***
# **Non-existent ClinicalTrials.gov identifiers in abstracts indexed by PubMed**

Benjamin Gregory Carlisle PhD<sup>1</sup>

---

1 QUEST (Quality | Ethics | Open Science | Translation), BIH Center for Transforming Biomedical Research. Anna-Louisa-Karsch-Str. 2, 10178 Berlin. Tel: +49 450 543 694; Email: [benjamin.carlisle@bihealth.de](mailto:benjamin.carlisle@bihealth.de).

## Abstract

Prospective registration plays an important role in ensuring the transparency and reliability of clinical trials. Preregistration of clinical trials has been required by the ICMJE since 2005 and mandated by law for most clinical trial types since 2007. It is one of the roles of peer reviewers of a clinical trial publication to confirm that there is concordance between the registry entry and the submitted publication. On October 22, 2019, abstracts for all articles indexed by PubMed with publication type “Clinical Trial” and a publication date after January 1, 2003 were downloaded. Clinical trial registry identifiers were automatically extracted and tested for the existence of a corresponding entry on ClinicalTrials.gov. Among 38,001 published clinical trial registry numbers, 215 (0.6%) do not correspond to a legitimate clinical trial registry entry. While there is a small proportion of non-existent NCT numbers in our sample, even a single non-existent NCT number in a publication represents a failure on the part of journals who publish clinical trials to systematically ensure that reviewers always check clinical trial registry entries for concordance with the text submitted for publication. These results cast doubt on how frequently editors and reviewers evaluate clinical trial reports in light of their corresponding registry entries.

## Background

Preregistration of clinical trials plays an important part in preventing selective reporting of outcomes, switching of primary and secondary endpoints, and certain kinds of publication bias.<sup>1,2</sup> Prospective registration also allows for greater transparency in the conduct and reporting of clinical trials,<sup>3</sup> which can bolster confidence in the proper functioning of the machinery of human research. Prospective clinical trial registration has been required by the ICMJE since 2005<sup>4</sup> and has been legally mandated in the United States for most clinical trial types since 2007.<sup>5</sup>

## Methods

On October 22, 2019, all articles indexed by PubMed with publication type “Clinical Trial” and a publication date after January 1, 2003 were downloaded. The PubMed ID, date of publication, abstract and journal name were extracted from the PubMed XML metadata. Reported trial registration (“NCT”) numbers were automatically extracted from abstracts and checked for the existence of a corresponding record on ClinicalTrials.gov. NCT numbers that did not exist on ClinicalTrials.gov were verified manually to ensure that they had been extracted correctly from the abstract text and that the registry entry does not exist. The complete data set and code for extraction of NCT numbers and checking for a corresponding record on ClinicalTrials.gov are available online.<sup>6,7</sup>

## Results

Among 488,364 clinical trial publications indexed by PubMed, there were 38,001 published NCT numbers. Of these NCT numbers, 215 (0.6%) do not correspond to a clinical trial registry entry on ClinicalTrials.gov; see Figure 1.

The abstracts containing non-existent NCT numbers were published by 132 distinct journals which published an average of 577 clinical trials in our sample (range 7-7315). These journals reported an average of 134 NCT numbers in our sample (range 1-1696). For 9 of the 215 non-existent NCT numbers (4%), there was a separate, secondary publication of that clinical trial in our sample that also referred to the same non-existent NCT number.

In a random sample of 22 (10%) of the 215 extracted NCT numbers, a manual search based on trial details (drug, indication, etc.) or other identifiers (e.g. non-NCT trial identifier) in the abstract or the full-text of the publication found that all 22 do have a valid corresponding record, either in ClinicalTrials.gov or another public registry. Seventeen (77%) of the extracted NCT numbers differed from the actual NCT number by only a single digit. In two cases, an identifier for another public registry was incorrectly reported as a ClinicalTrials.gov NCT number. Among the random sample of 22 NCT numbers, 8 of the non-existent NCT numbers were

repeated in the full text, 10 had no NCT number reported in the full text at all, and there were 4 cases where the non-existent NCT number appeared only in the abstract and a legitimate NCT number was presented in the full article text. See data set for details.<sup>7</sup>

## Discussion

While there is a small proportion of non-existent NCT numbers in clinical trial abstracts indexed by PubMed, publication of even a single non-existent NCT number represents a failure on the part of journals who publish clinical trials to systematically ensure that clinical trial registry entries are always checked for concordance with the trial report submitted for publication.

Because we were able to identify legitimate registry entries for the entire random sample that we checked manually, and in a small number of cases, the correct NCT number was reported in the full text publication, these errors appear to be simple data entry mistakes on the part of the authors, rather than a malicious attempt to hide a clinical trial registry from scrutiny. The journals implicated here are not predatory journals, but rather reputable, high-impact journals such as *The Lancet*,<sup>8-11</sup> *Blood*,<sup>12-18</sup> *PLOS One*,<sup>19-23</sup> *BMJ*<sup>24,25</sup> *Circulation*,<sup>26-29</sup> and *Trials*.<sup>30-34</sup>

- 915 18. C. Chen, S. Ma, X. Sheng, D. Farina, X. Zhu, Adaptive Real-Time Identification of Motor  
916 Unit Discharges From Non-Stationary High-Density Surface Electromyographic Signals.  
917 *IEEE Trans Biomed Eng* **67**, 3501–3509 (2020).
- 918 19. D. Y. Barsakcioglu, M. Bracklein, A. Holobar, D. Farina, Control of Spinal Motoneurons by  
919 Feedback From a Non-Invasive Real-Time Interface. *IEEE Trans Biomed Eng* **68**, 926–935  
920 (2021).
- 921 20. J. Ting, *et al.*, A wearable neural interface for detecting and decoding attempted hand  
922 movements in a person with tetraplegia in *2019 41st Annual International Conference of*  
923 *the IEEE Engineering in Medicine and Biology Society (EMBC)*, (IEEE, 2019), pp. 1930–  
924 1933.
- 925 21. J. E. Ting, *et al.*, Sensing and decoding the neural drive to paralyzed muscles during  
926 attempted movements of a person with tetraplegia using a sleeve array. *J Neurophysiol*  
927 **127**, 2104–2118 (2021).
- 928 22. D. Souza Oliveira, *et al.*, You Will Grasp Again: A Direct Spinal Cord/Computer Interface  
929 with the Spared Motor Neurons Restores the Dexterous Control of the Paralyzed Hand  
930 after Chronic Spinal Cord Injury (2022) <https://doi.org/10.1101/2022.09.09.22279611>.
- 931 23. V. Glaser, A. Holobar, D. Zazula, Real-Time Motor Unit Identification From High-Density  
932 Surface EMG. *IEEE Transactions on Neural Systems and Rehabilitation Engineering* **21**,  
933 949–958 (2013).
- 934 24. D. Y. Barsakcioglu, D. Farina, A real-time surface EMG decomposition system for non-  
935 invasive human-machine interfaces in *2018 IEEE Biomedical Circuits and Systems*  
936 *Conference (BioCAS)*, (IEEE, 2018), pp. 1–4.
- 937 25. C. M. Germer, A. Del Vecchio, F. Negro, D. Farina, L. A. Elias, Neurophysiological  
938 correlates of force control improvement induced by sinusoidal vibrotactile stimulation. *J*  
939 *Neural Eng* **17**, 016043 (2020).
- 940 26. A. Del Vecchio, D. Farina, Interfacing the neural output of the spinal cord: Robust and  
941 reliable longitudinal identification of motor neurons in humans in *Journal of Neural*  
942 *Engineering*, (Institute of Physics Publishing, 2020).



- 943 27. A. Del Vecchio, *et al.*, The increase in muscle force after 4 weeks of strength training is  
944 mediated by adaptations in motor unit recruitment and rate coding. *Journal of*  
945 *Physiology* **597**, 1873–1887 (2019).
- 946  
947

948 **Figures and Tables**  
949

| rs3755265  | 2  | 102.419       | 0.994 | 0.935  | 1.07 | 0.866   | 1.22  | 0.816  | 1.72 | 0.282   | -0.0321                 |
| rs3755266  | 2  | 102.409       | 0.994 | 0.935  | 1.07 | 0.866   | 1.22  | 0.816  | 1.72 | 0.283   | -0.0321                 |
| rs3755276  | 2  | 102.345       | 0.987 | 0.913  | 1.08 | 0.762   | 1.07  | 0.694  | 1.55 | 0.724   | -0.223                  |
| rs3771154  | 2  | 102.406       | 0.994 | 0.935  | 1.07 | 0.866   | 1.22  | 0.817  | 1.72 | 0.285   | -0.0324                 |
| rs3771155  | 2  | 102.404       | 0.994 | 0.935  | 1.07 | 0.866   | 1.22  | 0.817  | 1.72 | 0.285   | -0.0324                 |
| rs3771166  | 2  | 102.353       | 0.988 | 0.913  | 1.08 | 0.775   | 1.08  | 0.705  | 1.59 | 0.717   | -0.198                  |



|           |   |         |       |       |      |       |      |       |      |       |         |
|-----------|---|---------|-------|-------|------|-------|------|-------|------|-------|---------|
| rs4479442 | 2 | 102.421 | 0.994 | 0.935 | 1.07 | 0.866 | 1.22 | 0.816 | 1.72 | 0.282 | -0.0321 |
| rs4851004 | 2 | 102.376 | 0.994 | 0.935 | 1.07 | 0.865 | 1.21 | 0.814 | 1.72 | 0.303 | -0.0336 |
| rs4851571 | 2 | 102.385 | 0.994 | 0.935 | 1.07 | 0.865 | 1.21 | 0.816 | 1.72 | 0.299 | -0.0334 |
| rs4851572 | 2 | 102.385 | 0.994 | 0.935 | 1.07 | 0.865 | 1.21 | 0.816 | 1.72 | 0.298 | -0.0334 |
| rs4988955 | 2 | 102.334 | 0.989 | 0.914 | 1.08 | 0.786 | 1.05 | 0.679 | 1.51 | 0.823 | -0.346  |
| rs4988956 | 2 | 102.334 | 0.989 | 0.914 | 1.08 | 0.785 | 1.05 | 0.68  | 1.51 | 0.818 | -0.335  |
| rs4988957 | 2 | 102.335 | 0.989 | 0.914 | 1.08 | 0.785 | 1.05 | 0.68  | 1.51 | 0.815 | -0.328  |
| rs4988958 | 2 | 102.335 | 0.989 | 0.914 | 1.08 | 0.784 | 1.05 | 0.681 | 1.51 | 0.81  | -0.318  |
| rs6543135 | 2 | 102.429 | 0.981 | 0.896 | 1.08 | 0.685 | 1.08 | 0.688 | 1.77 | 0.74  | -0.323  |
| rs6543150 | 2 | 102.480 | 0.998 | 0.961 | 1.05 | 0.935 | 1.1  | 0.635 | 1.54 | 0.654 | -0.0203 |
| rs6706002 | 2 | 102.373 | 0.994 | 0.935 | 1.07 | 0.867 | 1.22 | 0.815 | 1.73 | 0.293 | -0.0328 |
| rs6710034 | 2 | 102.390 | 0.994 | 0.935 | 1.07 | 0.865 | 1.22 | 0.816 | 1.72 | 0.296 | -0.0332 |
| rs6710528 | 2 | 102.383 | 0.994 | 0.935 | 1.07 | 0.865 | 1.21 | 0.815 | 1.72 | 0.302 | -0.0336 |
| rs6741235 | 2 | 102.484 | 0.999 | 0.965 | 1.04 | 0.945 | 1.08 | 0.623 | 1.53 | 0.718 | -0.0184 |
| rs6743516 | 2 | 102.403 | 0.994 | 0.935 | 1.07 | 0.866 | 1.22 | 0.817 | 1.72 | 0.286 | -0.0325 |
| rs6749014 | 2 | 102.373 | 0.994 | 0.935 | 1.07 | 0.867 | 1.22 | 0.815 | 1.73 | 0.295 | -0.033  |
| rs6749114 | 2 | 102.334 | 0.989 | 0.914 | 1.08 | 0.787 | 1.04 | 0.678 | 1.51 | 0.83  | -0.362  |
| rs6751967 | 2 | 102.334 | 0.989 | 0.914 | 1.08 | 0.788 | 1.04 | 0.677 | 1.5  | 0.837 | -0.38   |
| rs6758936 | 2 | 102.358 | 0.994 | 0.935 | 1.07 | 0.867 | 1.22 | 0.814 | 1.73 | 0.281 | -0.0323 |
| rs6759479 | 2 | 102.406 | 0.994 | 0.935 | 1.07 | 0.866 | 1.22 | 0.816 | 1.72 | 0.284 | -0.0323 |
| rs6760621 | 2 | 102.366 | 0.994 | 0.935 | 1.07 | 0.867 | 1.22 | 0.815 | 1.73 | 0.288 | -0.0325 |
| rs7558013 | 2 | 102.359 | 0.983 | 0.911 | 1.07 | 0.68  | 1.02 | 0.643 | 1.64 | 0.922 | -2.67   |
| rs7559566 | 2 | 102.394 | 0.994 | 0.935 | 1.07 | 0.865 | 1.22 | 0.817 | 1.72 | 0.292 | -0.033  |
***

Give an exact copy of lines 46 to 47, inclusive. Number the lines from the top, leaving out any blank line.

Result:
942 *Engineering*, (Institute of Physics Publishing, 2020).



- 943 27. A. Del Vecchio, *et al.*, The increase in muscle force after 4 weeks of strength training is  